Saturday, 12 January 2013

Gangster Squad Review

Director: Ruben Fleischer

Writer: Will Beal

Starring: Josh Brolin, Ryan Gosling, Emma Stone, Sean Penn, Anthony Mackie, Michael Pena, Robert Patrick, Giovanni Ribisi, Nick Nolte, Josh Pence

Synopsis: Based on a true story, Gangster Squad follows an off-the-books team of LAPD officers trying to take down a ruthless mobster, Mickey Cohen (Penn), in 1949 Los Angeles.

There is an eternal air of interest in the mob story. Back in the 1930s and ‘40s the gangster genre was a booming success at the box office. Citizens (mostly those in America) still tackling the crippling debt of the Depression found some odd solace in watching an anti-hero take what everyone wanted – money. The likes of Scarface (the Howard Hawks version), Little Caesar and The Public Enemy highlighted this new breed of man - they were exciting, taboo and fresh. As cinema changed so did the crime film, constantly changing focus from police to the thieves. Gangster Squad is the latest attempt at cashing in on cinemagoers fascination with cops and criminals and, more specifically, the familiar flashes of Tommy-gun shots and Art Deco backdrops of the City of Angels.

Visually the film is dazzling – exuberant colours, varnished sets and alluring costumes. Director Ruben Fleischer has clearly studied the aesthetic of these films (from the early classics, the Hollywood Renaissance’s Chinatown to the early ‘90s masterpieces such as L. A. Confidential) and brings a stylish showmanship to the project. Some issues arise in how much Fleischer enjoys brandishing said style; a superfluous Snyder-esque obsession with slow-motion and “interesting” camera angles/set-ups often distract from the story at hand. The scenes that play best are the static shots showing pure violence. If the 1930/40s films had to shy away from brutality and sleaze, Gangster Squad in the 21st Century takes great pleasure in its freedom to do just the opposite. When the butt of a gun is pummelled into a mobster’s face or a round of ammo pounds through a goon, it makes an impact, in frame and out. However, presenting these moments in slow-mo (as Fleischer habitually does) extracts that visceral element and implants a feigned quality.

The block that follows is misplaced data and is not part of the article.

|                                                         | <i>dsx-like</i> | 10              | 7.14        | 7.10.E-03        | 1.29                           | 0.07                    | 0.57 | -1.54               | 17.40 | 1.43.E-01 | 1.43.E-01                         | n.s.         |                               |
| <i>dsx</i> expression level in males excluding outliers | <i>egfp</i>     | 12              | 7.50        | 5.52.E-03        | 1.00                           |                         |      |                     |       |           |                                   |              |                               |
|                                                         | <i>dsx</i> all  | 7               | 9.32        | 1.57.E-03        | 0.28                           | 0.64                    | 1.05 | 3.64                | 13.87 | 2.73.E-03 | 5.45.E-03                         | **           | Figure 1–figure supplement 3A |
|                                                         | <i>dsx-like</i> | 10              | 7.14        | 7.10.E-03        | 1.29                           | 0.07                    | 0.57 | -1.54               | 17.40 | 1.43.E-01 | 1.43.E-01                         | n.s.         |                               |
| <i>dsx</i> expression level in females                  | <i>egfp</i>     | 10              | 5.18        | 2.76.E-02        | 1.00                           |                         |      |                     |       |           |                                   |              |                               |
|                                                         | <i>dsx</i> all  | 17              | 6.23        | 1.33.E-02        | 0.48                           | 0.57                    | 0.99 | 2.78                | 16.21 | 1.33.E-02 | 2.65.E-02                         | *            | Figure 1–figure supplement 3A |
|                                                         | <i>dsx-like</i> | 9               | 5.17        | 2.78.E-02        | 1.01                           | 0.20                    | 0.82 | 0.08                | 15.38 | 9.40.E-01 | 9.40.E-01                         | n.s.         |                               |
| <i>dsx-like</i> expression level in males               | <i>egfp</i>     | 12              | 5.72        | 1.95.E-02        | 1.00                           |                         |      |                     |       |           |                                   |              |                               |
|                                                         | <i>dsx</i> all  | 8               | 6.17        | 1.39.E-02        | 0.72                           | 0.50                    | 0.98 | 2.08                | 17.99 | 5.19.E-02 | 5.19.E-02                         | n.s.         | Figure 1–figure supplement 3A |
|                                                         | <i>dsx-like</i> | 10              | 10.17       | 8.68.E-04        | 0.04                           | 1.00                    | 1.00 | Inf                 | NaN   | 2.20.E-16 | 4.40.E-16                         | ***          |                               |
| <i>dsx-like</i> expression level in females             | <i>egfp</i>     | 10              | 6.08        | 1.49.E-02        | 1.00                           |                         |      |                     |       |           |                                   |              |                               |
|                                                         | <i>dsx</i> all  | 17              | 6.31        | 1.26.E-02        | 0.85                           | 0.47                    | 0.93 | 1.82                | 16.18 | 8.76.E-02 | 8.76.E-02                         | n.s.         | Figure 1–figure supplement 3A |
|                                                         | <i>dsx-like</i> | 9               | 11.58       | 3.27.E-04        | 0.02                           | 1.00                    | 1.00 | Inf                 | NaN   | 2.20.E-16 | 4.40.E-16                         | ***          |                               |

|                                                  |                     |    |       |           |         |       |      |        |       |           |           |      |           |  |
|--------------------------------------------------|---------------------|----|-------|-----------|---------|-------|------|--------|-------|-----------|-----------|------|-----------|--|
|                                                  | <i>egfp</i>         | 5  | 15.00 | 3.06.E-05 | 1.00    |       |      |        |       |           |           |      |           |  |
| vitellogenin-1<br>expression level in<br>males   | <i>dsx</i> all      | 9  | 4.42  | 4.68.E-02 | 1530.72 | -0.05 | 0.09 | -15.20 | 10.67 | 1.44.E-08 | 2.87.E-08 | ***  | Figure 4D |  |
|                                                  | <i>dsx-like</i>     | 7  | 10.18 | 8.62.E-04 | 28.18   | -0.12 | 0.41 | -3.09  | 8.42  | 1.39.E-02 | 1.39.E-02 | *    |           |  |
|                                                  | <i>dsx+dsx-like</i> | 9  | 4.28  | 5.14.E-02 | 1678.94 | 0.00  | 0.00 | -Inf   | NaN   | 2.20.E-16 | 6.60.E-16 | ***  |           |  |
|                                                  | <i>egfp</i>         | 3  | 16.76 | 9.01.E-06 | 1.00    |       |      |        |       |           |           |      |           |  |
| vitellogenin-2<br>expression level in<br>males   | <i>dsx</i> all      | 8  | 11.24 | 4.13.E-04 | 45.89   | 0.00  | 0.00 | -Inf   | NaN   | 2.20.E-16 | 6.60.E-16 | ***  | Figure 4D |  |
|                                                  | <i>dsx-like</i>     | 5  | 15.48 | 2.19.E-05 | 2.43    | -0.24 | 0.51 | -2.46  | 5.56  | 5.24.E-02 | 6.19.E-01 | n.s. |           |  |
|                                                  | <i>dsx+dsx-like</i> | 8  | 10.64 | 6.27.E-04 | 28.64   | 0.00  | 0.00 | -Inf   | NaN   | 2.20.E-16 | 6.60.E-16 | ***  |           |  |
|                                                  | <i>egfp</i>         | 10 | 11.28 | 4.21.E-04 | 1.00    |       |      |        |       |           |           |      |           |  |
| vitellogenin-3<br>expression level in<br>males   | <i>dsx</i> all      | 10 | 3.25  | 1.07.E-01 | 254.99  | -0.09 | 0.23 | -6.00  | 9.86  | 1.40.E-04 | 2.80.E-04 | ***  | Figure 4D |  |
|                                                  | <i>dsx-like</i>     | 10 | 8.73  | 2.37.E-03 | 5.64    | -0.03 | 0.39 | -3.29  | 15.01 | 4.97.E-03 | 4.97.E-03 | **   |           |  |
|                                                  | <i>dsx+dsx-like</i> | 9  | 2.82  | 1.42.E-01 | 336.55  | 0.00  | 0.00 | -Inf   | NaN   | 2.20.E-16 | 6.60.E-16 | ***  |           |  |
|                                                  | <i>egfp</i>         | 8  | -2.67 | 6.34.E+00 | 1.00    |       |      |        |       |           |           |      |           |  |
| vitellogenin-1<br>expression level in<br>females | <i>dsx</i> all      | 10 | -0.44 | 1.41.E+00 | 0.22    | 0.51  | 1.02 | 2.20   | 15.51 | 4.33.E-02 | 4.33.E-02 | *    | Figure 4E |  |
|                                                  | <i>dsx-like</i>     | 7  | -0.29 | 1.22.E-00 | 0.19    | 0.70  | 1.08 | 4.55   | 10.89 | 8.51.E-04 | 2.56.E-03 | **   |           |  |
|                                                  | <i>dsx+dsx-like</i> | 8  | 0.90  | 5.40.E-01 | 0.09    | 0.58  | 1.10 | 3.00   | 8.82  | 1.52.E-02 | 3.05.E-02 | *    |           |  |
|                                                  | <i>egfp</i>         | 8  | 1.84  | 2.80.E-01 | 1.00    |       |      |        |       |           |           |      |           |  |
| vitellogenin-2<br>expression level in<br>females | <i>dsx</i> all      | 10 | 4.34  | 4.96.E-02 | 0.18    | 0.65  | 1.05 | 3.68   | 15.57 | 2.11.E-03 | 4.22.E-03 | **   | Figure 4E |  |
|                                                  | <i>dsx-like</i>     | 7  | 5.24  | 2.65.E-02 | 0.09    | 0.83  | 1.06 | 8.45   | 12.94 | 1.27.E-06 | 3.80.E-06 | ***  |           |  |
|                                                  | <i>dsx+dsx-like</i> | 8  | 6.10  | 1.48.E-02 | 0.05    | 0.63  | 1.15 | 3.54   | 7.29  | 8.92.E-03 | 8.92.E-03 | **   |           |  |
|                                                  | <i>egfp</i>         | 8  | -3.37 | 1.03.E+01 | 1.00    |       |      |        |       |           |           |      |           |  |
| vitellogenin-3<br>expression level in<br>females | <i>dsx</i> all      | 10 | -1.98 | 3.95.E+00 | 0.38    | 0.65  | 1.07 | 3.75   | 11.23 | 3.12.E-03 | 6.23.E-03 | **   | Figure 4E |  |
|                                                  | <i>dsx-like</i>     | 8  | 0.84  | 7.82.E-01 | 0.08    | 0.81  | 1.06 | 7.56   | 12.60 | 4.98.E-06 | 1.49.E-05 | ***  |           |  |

Buying into the plot is never difficult, though there are moments where capturing the essence of that era requires outdated dialogue. For some these may prove too jarring for a contemporary audience, not wholly aware of the meaning behind such lingo. What’s more, the sheer bravado on show may, at points, appear laughable; a montage scene midway through that boasts unbridled masculinity seems both fun and funny.

Sean Penn as the villain suffers the worst of the script, with lines such as “back home I was a gangster, now I'm GOD”. Despite getting the short end of the straw with the screenplay, Penn does a fantastic job at playing the hot-headed hustler. With sunken eyes that appear to blacken completely, like a great white ready to kill, Penn comes across as a truly malicious figure. Characterised as a man with an army of henchmen, there has been some effort put into the presentation of his men, too. Troy Garity as the snake-like Wrevock earns enough attention to make the Cohen troupe very formidable.

The villains are strongly outfitted, perhaps more so than the leading men – the eponymous Gangster Squad. Josh Brolin as the protagonist has no faults; he fits into the world with perfect ease. His rugged, grizzled manner makes for a great contemporary Bogart. Less can be said for his company, predominantly made up of cliché stock characters. Ryan Gosling, Hollywood’s main man, whilst providing a pretty face to the picture, and some decent quips, meanders through the narrative with a two-dimensional character. The remaining players, such as the token black guy (a charismatic Anthony Mackie), the Mexican half-wit (Michael Pena), the nerdy wire-tapper (Giovanni Ribisi, imbuing the film with some humanity) and the crotchety sharp-shooter (Robert Patrick, still a commanding presence), are given little-to-no introduction and are left with the dreaded omen of “which one will become the victim that pushes these guys to fight for all their worth” hanging over each of their heads. A final mention must go to Emma Stone who blazes up the screen with a fiery magnetism, though sadly that’s all she gets to do. Her chemistry with Gosling is still potent (see Crazy, Stupid, Love for the previous example) but the two share very little screen-time together.

Very glamorous though sometimes tawdry, it has sincerely exemplified the quality of the classic gangster film. Whilst characterisation and script are poorly executed, Gangster Squad is an entertaining piece of cinema. More of a guilty pleasure, it’ll never garner the praise of Fleischer’s muses (unabashedly hinted at throughout, including one scene literally lighting up the frame with a “Chinatown” sign), and will doubtfully gain those films’ immortality.

By Piers McCarthy. Also posted on Flickering Myth

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